Recognizing that our movement’s vision of dignity, equity, and safety for all people has yet to be fully realized, Temple Sinai is committed to undertaking transformational internal steps to further affirm and enhance our identity as a multiracial Reform Jewish community. Multiracial Sinai is committed to supporting those steps by helping guide Temple Sinai in being an antiracist congregation. To do so, in the fall of 2019 Multiracial Sinai began congregation-wide programming that provided opportunities for education, affinity groups and training. Multiracial Sinai is continuing and expanding this programming in 2020-21.
Multiracial Sinai welcomes ideas and suggestions. If you would like to share your experiences or insights, or to receive information about upcoming events, please contact Deitra Reiser and Cathy Goldwyn, co-chairs of Multiracial Sinai.
Facilitated discussion groups on “Building Racial Stamina in Jewish Community” are being held throughout the year, beginning in October
Talking about race is both difficult and necessary in our Jewish community and in society. This six-week facilitated discussion group will provide space to develop what author Robin DiAngelo calls “racial stamina,” the ability to think and talk about race effectively. The group will help each person explore their own racial identity, increase awareness of the impact of race and better understand how to affirm and embrace all people at Temple Sinai.
High Holy Days 5781/2020
Black Lives are Sacred Multiracial Sinai Statement, June 2020
In this time of great pain and compounding trauma for Blacks in America, the committee members of Multiracial Sinai want to share our frustration, fury and sorrow as the Temple Sinai community grieves and condemns ongoing racist violence against Black lives and bodies. As a multiracial group, at this time Multiracial Sinai is first attending to the experience and needs of Black members of Temple Sinai and the broader DC community, including our beloved Black family members, kin, friends, neighbors, and partners.
During the month of June, we will host a program to reflect on racism in our society. We will also be continuing the six-week discussion groups about racism that we initiated last fall, Building Racial Stamina in Jewish Community. More information to follow.
As a Reform Jewish community, we can and must act to fight racism, center and support our Black members and leaders, and commit to sustained action guided by the sanctity of Black lives.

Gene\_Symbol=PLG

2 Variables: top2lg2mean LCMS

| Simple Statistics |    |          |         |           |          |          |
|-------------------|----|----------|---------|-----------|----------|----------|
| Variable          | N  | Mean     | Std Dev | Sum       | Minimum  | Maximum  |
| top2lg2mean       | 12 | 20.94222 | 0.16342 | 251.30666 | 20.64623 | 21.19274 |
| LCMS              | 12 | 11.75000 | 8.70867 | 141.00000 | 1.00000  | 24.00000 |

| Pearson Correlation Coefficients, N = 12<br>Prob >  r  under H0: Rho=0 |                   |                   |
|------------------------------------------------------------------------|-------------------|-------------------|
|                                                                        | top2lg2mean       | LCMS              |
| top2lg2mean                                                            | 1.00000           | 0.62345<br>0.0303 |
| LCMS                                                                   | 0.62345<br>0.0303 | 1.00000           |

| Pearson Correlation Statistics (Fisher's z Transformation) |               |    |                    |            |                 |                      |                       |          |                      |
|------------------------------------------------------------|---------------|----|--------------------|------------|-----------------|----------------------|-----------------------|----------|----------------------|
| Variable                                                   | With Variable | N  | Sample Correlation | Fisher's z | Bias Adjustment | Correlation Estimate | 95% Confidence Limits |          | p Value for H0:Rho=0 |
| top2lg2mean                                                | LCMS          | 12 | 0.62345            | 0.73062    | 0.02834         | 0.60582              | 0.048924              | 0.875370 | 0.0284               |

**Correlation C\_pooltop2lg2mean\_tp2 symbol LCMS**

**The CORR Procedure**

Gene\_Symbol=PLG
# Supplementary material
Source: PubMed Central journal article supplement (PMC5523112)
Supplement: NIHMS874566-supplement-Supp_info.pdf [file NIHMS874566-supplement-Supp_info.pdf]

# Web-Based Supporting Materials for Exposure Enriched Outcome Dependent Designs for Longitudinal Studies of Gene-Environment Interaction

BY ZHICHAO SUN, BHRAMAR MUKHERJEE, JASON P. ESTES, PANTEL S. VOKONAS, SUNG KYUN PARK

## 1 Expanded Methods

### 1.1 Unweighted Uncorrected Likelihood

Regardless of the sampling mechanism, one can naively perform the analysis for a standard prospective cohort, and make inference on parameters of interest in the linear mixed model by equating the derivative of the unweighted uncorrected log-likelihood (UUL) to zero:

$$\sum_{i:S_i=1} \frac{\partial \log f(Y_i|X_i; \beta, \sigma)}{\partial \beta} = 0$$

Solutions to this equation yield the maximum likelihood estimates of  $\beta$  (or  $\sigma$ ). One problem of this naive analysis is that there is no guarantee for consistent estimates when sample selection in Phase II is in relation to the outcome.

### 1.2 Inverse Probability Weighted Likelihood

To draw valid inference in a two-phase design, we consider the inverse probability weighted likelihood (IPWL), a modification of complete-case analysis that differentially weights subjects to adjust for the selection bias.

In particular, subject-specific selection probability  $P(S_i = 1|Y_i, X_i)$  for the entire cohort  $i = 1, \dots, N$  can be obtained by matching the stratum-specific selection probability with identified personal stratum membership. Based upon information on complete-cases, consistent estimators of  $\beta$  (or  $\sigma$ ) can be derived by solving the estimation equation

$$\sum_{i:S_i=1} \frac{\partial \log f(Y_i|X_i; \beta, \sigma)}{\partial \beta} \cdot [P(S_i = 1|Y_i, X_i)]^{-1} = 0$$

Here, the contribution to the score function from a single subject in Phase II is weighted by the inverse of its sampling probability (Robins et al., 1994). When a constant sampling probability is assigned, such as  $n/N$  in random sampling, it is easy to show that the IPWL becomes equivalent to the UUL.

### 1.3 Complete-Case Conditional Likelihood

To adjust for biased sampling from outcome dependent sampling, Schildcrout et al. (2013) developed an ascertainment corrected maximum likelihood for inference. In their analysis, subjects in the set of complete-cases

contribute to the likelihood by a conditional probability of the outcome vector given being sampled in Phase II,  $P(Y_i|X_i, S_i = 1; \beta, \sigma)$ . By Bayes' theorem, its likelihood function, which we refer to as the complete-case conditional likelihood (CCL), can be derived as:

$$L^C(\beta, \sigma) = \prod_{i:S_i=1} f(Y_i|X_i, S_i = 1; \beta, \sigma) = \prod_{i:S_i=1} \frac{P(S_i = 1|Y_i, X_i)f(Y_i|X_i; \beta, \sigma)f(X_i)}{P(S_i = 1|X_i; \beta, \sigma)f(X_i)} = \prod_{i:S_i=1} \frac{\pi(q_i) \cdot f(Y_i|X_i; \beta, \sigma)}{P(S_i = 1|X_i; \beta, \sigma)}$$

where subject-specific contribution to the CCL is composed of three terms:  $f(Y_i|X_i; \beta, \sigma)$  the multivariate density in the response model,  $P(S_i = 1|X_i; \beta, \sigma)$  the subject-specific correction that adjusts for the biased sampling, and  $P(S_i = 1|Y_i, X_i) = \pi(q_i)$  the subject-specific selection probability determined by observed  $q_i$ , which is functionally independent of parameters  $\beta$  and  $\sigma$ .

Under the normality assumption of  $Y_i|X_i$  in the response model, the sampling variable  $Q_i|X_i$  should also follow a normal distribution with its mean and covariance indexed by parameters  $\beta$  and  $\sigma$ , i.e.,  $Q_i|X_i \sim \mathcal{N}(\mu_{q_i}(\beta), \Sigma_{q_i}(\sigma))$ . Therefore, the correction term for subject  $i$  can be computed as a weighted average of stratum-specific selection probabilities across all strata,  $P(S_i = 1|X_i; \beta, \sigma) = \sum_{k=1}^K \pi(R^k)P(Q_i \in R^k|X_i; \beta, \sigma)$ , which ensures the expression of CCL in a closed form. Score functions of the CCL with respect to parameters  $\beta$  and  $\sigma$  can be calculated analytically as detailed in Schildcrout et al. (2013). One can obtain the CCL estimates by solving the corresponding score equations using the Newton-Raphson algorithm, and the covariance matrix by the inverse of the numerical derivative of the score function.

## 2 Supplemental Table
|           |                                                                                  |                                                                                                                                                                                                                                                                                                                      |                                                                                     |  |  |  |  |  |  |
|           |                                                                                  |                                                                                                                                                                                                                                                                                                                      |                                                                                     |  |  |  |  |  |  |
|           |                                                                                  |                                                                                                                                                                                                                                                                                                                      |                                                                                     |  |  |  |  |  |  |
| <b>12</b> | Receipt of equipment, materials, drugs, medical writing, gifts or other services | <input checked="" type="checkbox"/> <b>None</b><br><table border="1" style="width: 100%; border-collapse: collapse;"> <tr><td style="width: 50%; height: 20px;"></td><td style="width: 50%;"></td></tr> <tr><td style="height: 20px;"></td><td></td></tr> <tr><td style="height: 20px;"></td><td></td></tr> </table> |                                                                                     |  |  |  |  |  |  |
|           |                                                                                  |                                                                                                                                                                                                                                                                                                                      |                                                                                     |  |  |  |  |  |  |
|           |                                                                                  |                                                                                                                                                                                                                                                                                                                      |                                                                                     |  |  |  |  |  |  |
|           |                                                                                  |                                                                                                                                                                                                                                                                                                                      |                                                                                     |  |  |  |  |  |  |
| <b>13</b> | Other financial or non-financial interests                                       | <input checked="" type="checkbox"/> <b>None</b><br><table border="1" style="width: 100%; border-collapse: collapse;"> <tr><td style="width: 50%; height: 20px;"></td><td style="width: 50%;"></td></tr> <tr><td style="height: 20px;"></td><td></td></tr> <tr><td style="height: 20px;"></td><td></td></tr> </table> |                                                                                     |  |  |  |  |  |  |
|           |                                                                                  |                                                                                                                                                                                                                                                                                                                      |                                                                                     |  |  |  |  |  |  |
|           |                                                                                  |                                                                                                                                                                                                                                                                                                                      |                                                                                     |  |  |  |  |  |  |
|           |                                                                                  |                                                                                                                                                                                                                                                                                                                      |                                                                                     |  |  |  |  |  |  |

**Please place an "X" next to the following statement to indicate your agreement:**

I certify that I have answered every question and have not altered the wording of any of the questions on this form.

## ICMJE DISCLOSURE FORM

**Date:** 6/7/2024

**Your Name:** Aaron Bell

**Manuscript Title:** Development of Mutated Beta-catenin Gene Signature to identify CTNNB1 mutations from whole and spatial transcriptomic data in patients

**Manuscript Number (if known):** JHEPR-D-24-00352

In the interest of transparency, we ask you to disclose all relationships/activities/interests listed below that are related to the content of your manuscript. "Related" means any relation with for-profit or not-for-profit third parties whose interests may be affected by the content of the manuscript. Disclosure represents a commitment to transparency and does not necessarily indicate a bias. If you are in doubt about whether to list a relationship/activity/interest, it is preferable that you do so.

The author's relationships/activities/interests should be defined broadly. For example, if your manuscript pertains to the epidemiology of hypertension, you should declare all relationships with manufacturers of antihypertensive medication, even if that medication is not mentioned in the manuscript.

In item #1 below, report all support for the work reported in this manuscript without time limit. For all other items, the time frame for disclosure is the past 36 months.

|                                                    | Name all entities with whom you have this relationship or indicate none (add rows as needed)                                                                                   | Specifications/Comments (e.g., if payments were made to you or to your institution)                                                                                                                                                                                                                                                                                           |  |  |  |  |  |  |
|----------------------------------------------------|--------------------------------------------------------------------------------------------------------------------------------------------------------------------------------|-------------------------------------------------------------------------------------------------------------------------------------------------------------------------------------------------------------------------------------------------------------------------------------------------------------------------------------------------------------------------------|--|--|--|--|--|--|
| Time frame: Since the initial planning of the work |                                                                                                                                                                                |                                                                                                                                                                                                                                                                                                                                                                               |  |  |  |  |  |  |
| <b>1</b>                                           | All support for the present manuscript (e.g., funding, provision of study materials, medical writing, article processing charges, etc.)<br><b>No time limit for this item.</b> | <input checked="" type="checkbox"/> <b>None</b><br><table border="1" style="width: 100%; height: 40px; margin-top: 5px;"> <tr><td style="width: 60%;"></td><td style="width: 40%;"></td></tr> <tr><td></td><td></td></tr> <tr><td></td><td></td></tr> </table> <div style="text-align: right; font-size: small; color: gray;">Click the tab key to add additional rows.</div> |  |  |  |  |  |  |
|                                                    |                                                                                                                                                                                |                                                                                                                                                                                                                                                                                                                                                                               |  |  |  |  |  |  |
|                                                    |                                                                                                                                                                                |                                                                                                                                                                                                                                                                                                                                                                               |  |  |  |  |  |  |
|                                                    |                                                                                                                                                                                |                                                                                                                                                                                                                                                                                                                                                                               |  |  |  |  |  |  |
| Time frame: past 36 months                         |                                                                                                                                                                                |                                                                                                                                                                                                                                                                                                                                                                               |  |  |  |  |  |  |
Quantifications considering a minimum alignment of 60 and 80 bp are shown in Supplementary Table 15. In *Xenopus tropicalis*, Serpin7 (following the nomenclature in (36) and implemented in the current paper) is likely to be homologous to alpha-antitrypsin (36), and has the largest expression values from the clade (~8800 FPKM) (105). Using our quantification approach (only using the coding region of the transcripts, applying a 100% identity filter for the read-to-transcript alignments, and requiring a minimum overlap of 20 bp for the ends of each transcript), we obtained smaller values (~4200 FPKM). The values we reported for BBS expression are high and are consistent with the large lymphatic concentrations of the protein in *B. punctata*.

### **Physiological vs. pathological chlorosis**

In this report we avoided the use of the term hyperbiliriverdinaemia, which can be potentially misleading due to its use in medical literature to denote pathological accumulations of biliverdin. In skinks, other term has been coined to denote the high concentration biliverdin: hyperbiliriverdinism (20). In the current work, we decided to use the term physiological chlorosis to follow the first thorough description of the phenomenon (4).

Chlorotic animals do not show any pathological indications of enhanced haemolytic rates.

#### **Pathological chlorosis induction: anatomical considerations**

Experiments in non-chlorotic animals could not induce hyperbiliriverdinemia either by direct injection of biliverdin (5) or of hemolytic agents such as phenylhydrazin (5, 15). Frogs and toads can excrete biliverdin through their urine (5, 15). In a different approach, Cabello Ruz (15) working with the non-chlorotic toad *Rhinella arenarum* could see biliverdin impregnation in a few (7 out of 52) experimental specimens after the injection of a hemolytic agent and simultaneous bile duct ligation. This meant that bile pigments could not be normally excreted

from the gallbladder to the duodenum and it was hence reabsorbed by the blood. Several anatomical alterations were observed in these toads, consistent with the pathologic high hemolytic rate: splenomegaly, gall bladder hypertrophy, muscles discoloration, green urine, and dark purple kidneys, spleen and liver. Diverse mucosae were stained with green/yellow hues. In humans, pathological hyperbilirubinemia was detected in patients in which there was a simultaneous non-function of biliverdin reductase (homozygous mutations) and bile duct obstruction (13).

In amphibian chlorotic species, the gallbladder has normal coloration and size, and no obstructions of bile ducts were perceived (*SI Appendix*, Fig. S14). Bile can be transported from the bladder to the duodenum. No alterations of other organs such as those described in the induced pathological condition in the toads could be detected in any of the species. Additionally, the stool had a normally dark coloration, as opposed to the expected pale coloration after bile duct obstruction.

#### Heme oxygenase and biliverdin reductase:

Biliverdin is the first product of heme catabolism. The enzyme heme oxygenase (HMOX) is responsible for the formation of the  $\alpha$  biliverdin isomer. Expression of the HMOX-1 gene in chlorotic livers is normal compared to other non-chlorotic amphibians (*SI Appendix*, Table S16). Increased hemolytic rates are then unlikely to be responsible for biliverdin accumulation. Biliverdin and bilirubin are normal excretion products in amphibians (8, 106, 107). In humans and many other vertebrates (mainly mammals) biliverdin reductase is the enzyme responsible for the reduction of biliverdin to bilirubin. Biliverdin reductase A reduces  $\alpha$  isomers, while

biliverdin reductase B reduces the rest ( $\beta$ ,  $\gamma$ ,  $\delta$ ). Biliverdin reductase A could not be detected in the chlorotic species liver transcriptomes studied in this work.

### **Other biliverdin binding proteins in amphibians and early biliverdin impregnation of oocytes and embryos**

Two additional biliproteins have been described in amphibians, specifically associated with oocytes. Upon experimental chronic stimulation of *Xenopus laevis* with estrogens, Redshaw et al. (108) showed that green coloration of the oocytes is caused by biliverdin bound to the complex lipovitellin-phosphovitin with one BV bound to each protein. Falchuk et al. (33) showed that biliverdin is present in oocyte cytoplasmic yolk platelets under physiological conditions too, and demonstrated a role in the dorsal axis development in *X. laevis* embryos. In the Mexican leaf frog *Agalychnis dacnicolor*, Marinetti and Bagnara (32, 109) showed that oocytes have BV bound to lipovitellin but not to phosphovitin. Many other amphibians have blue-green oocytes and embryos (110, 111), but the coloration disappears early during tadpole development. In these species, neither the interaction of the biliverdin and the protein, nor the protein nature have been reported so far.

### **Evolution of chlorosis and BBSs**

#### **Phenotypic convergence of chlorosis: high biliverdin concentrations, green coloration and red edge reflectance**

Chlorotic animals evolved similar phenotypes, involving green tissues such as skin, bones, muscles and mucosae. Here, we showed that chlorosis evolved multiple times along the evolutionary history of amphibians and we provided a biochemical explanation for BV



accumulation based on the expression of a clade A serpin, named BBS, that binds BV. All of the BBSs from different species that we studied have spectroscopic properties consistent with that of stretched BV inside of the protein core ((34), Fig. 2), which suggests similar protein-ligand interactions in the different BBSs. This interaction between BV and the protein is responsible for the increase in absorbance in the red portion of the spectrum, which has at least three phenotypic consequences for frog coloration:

Since the fall of 2017, a group of congregants has been working with Rabbi Hannah Goldstein to lay the groundwork for Multiracial Sinai.
The purpose of Multiracial Sinai is to provide guidance in affirming Temple Sinai’s identity as a multiracial congregation and in identifying opportunities for improvement in aspects of our congregational life. Multiracial Sinai is committed to supporting these steps by helping guide Temple Sinai in being an antiracist congregation. Multiracial Sinai became a committee in 2019.
By way of context, Temple Sinai has wholeheartedly embraced the Union of Reform Judaism’s 2017 resolution that both reaffirms our movement’s commitment to racial justice and commits the Reform movement to undertake transformative internal steps. Importantly, the resolution affirms our identity as a multiracial Reform Jewish community. Today, more than 10 percent of all Reform Jews identify as Jews of color, a term used to identify Jews whose family origins are originally in Africa, Asia, or Latin America. Jews of color may identify as Black, Latino, Asian American or as mixed heritage such as biracial or multiracial. Temple Sinai’s own membership reflects this diversity.
As with the larger Reform Jewish community, Temple Sinai benefits from the active participation and support of our non-Jewish members who strengthen our community and are often active partners in raising Jewish children. Similar to our Jewish membership, our non-Jewish members are ethnically and racially diverse.
Union of Reform Judaism Resolution on Our Community’s Pursuit of Racial Justice
The 2017 Union of Reform Judaism Resolution on Our Community’s Pursuit of Racial Justice was adopted in 2017. The resolution begins as follows:
“As the Reform Movement continues our fervent pursuit of social justice in North America, we deepen our dedication to the pursuit of racial justice, recognizing that our vision of dignity, equity and safety for all people has yet to be fully realized. This pursuit is fundamental to our identity as a multiracial Reform Jewish community, is rooted in our enduring values, and requires transformative work in both our communal institutions and in the public arena.”
Temple Sinai wholeheartedly embraces the conviction expressed in this resolution and seeks to fulfill these commitments through the congregational work of Multiracial Sinai and the social justice efforts of numerous temple initiatives under the umbrella of the Social Action Committee.
For the full text of the 2017 URJ Resolution click here.